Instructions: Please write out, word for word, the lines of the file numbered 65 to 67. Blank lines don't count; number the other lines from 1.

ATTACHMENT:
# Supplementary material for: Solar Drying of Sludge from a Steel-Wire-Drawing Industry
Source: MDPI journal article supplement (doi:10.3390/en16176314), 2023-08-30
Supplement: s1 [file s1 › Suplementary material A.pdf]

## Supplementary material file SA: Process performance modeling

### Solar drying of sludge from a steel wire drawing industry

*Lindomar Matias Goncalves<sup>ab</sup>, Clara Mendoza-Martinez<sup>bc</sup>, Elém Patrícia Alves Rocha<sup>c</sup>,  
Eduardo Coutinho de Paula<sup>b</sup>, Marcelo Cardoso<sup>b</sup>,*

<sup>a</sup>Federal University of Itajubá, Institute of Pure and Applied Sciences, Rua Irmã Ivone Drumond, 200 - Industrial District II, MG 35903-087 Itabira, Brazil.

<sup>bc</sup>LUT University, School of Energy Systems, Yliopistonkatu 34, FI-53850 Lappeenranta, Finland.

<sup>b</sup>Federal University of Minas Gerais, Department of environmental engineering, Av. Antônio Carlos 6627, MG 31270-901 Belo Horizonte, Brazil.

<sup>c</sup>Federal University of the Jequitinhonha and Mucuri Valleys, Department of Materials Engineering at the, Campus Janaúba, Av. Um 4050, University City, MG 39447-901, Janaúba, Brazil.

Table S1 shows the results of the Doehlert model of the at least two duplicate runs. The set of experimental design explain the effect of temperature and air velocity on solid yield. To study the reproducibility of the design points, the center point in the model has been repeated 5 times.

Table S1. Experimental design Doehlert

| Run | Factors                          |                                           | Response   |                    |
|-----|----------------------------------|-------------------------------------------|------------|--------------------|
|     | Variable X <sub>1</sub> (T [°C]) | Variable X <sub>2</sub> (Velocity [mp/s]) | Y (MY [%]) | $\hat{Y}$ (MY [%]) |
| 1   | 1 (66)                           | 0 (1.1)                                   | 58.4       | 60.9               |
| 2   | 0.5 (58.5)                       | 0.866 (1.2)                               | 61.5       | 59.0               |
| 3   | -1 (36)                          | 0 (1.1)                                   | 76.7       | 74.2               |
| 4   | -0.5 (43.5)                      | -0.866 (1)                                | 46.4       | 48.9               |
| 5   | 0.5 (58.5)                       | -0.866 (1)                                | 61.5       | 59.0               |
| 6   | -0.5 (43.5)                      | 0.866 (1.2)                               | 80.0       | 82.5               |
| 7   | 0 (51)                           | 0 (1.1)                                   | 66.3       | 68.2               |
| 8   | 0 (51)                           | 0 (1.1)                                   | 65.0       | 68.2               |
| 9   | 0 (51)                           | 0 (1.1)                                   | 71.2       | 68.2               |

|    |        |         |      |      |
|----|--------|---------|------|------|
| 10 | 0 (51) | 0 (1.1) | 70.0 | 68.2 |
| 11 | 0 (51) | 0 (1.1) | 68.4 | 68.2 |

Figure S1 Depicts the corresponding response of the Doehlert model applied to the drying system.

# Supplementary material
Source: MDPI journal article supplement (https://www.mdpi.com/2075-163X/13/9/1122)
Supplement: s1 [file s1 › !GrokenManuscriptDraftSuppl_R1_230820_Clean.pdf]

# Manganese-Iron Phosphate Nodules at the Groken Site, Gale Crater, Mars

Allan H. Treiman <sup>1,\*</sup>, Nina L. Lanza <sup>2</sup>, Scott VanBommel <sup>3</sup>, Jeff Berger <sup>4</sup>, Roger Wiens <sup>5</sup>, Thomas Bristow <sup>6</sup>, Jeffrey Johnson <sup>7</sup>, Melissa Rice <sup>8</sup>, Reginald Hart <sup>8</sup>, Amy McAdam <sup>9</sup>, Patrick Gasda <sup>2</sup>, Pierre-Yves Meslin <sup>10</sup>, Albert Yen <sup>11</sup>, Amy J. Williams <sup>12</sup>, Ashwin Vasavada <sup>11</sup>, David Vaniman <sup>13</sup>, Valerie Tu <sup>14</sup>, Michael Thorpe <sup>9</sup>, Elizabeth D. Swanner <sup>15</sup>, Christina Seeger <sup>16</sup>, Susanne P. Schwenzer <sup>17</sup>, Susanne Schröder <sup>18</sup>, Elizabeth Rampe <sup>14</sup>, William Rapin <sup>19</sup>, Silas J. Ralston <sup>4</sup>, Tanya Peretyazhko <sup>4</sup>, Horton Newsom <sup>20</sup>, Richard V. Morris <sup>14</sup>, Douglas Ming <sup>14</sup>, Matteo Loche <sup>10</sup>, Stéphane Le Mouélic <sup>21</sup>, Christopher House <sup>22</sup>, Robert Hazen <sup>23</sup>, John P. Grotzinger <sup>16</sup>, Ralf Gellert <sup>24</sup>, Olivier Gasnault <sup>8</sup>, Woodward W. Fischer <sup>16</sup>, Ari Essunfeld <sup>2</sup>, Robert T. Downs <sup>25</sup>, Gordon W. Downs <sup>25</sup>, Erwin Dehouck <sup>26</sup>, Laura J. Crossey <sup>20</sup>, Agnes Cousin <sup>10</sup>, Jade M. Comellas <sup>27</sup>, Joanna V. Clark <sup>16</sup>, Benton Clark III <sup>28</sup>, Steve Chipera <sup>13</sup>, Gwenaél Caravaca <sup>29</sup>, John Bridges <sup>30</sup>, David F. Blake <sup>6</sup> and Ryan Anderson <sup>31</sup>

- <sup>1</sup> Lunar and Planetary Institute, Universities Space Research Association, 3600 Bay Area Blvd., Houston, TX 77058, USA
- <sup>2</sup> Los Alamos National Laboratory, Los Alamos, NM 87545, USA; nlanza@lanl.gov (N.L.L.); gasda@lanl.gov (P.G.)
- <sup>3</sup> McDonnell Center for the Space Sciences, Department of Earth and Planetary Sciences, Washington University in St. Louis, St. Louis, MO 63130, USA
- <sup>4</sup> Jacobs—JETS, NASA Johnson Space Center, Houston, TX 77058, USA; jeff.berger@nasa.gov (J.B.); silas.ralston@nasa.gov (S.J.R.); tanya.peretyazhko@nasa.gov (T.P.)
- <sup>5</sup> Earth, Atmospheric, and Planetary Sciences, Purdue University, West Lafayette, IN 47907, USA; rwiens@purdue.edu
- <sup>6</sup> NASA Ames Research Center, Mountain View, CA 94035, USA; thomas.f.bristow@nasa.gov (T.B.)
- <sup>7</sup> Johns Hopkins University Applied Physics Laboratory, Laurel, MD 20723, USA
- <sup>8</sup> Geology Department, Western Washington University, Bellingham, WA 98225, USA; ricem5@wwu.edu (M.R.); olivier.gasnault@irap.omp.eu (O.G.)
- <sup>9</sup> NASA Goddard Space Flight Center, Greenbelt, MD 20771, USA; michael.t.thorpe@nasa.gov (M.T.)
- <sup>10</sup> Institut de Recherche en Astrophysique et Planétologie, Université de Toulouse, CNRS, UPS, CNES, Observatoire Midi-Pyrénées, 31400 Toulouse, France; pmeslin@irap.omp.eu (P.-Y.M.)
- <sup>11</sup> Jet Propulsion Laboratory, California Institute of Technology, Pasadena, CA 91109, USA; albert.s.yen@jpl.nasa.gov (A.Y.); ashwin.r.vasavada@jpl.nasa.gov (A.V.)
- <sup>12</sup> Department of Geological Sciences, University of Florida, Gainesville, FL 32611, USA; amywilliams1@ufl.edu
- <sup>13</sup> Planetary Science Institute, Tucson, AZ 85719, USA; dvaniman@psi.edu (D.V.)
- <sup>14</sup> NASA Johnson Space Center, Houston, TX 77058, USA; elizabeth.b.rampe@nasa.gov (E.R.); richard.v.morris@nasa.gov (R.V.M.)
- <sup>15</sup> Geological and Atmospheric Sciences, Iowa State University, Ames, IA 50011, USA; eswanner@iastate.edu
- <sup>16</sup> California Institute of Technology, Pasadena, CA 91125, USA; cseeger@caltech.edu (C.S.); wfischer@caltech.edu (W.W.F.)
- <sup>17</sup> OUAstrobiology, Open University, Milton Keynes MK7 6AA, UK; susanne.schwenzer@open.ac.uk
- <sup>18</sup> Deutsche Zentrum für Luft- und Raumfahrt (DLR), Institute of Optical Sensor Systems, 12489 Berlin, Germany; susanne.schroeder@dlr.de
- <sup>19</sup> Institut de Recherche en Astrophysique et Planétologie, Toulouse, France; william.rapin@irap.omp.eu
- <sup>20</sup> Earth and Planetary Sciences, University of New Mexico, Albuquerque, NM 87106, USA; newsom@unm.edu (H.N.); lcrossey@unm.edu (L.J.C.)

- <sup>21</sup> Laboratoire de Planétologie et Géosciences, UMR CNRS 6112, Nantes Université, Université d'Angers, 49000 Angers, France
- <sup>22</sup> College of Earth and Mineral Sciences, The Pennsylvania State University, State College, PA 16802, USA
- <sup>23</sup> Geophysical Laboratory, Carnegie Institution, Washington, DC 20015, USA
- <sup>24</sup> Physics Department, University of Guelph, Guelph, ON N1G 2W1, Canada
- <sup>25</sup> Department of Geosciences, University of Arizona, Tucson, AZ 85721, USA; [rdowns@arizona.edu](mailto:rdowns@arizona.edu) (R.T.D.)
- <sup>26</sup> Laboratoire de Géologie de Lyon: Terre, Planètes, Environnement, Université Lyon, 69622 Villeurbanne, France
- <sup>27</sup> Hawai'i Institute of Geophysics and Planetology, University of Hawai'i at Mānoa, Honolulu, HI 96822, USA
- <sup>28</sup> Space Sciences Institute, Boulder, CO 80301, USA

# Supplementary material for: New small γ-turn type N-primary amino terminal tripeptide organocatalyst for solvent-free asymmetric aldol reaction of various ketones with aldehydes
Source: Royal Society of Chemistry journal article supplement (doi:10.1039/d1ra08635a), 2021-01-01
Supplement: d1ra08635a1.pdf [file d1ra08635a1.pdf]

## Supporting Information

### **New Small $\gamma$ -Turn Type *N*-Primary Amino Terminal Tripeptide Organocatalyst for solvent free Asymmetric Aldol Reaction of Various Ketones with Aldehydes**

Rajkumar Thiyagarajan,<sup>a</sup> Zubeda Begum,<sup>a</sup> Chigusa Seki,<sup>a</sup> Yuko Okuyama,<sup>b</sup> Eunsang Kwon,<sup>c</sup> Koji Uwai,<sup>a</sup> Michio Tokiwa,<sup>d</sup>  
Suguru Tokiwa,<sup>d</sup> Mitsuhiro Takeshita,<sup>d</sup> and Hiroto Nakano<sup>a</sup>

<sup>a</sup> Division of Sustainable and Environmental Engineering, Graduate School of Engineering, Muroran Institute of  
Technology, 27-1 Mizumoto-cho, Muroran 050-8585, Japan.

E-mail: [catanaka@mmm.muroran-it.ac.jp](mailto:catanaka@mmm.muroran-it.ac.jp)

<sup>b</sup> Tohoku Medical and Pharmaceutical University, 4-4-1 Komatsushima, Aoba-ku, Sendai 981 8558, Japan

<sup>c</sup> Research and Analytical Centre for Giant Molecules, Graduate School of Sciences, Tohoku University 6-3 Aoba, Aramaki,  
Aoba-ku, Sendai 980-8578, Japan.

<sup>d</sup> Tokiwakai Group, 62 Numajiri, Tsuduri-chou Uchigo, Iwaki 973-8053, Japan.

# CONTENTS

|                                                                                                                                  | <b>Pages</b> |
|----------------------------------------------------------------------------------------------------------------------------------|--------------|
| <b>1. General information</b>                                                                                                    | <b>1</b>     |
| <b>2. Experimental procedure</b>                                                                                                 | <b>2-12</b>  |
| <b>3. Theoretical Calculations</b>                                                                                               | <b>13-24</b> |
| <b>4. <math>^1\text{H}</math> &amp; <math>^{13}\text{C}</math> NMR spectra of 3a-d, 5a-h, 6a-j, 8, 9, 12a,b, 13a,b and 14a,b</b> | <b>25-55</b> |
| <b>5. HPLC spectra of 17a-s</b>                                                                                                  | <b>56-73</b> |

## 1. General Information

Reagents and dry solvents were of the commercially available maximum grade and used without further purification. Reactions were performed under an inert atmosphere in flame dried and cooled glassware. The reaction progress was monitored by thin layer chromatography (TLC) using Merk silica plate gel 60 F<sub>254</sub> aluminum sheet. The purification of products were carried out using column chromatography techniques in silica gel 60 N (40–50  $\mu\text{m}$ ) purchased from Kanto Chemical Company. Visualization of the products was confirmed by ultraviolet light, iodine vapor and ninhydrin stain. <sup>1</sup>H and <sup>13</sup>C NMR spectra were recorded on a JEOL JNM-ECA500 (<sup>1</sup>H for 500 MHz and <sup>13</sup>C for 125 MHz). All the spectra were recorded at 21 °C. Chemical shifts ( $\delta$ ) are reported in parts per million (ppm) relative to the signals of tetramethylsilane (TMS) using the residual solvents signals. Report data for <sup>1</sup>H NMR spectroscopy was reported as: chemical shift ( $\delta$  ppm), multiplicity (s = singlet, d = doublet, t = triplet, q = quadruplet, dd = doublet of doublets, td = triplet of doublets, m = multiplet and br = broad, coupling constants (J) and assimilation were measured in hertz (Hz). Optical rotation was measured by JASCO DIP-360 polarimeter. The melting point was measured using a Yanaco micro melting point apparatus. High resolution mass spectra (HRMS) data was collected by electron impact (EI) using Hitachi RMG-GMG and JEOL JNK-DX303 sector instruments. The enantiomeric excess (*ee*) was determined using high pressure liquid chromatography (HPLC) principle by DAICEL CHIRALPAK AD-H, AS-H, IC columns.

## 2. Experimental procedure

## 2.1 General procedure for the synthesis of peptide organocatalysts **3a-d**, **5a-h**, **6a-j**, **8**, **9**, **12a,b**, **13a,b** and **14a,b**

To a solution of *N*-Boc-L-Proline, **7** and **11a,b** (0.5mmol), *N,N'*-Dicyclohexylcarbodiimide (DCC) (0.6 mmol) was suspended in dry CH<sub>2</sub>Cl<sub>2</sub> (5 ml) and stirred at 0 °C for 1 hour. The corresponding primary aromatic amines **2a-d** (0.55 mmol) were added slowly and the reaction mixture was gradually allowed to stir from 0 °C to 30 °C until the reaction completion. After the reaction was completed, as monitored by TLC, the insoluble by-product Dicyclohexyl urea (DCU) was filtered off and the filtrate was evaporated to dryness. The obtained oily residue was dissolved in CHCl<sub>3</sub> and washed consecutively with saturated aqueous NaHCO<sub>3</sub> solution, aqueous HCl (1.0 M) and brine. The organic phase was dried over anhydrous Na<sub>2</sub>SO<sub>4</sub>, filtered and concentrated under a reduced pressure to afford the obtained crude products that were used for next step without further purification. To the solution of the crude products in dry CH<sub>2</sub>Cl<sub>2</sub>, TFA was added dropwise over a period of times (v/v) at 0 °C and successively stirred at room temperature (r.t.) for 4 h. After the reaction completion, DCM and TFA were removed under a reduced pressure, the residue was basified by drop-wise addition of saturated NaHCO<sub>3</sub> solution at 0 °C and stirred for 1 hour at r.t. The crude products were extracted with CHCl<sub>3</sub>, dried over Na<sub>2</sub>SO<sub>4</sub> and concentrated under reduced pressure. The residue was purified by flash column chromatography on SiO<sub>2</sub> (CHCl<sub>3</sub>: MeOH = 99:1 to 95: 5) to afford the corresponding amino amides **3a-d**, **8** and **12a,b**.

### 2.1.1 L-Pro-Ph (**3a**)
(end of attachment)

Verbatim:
Source: Royal Society of Chemistry journal article supplement (doi:10.1039/d1ra08635a), 2021-01-01
Supplement: d1ra08635a1.pdf [file d1ra08635a1.pdf]

## Supporting Information